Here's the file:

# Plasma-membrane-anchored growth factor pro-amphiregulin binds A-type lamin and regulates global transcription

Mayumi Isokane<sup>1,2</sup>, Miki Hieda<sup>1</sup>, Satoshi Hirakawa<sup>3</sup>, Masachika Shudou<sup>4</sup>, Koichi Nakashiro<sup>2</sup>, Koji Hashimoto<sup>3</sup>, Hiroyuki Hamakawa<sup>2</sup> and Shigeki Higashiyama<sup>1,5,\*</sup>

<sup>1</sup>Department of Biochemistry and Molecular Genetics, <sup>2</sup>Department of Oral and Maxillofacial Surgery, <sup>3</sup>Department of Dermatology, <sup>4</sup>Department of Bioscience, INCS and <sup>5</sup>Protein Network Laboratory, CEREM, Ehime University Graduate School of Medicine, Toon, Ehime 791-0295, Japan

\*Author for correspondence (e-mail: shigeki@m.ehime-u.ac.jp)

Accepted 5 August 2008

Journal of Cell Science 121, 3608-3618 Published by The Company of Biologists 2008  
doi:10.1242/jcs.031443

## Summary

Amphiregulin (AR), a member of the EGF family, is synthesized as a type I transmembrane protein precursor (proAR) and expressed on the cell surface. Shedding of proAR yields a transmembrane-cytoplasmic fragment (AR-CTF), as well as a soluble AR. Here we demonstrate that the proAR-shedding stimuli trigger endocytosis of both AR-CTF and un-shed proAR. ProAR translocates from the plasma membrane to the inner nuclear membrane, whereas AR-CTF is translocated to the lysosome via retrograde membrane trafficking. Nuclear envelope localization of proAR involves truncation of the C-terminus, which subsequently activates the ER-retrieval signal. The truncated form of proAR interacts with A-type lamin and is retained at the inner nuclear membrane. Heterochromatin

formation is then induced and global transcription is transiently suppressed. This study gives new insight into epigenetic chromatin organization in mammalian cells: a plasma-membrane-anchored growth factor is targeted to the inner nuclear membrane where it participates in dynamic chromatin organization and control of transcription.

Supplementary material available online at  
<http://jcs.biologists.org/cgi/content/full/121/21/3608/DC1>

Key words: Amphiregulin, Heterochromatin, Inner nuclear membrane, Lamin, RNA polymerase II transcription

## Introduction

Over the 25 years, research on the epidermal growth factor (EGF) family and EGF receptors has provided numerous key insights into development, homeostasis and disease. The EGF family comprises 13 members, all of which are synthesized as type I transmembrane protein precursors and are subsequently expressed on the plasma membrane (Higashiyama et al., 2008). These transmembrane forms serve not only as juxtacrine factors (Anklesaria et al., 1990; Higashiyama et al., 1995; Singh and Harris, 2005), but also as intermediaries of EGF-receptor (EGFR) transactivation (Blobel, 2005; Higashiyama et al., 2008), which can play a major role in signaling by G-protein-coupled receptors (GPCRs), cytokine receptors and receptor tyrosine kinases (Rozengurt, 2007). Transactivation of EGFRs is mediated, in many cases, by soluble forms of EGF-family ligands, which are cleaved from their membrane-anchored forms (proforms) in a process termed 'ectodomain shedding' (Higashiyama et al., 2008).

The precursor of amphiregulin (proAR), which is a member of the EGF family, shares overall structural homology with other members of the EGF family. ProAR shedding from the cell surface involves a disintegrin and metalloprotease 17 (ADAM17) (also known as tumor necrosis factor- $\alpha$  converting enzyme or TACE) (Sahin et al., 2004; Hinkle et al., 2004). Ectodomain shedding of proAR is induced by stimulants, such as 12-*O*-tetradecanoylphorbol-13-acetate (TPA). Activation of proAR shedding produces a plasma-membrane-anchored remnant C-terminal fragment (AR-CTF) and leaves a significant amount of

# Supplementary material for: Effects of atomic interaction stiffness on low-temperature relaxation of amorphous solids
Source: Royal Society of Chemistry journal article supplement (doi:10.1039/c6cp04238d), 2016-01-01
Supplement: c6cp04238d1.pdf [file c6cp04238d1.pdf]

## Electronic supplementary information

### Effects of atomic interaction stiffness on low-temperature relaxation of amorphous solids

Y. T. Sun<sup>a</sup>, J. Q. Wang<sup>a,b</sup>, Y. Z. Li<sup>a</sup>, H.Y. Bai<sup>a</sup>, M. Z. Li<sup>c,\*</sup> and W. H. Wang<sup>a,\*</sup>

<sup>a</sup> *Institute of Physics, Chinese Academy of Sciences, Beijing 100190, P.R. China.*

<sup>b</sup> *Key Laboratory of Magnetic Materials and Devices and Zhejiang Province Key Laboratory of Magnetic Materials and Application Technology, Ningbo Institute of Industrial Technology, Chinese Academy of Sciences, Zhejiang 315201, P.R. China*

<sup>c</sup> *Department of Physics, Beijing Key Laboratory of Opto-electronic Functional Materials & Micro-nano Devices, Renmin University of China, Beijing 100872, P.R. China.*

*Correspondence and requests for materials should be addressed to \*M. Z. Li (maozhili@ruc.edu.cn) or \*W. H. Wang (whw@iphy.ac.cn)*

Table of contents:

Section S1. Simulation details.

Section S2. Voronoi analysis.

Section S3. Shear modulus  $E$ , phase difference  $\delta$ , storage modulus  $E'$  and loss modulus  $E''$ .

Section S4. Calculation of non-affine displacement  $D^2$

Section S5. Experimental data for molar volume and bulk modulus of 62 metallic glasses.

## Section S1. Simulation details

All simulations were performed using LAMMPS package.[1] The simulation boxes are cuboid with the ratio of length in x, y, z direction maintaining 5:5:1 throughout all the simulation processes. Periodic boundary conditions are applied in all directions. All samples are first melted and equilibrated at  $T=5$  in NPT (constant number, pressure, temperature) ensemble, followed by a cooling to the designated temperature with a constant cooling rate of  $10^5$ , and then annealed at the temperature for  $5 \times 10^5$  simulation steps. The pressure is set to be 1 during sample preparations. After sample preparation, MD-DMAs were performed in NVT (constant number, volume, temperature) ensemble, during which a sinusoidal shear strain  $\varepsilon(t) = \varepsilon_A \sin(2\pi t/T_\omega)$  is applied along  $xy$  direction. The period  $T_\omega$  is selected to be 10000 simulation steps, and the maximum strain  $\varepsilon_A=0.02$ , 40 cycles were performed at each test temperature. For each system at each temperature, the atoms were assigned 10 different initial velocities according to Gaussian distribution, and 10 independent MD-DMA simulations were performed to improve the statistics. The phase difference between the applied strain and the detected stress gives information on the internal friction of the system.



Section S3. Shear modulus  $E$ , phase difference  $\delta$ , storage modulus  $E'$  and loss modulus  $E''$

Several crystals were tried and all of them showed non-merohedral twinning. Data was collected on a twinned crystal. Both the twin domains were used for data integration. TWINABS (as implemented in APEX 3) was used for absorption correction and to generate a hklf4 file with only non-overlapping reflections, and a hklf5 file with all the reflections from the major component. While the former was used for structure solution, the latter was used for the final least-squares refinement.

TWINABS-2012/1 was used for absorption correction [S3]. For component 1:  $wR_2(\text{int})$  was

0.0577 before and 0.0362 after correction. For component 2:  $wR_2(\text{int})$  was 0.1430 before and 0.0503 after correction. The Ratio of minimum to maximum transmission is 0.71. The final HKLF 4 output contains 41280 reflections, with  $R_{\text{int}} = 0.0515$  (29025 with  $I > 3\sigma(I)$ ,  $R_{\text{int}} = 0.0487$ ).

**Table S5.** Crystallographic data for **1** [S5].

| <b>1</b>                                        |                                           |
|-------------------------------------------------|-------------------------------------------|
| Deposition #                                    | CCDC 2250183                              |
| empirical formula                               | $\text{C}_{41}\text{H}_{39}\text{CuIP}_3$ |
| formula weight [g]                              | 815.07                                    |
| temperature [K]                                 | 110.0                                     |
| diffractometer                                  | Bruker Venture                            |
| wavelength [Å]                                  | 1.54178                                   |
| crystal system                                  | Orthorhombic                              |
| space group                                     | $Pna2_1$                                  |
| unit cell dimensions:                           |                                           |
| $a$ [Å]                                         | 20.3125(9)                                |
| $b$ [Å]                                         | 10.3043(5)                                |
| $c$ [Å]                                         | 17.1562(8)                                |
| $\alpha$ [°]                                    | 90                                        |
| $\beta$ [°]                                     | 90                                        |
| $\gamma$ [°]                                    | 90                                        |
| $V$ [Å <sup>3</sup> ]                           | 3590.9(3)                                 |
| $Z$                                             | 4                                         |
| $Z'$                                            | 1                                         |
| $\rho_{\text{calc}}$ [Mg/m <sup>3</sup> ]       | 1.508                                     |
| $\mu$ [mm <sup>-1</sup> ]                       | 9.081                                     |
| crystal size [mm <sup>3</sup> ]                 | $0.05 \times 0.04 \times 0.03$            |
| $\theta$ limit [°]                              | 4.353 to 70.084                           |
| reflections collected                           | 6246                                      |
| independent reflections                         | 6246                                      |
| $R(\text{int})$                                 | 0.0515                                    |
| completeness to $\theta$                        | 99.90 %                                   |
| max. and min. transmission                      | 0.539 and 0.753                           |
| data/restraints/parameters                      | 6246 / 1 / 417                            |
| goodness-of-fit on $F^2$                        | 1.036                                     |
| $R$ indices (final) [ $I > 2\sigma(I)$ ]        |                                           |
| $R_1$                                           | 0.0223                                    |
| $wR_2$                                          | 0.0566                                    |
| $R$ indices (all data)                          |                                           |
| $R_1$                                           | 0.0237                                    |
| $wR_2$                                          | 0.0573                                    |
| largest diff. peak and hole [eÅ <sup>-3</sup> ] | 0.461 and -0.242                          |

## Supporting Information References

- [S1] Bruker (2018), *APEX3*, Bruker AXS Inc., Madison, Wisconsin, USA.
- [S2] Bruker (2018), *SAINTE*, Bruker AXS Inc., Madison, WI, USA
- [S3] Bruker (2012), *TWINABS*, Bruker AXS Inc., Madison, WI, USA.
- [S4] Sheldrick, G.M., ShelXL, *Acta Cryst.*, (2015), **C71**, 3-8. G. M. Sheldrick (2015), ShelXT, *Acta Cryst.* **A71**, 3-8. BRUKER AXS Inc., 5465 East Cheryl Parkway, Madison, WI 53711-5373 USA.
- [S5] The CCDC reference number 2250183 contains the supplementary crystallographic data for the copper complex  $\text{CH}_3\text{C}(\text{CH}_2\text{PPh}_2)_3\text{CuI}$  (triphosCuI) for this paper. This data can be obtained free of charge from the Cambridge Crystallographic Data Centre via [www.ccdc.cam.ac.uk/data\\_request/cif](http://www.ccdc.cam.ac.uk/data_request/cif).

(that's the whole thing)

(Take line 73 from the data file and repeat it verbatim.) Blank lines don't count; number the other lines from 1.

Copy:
| $wR_2$                                          | 0.0566                                    |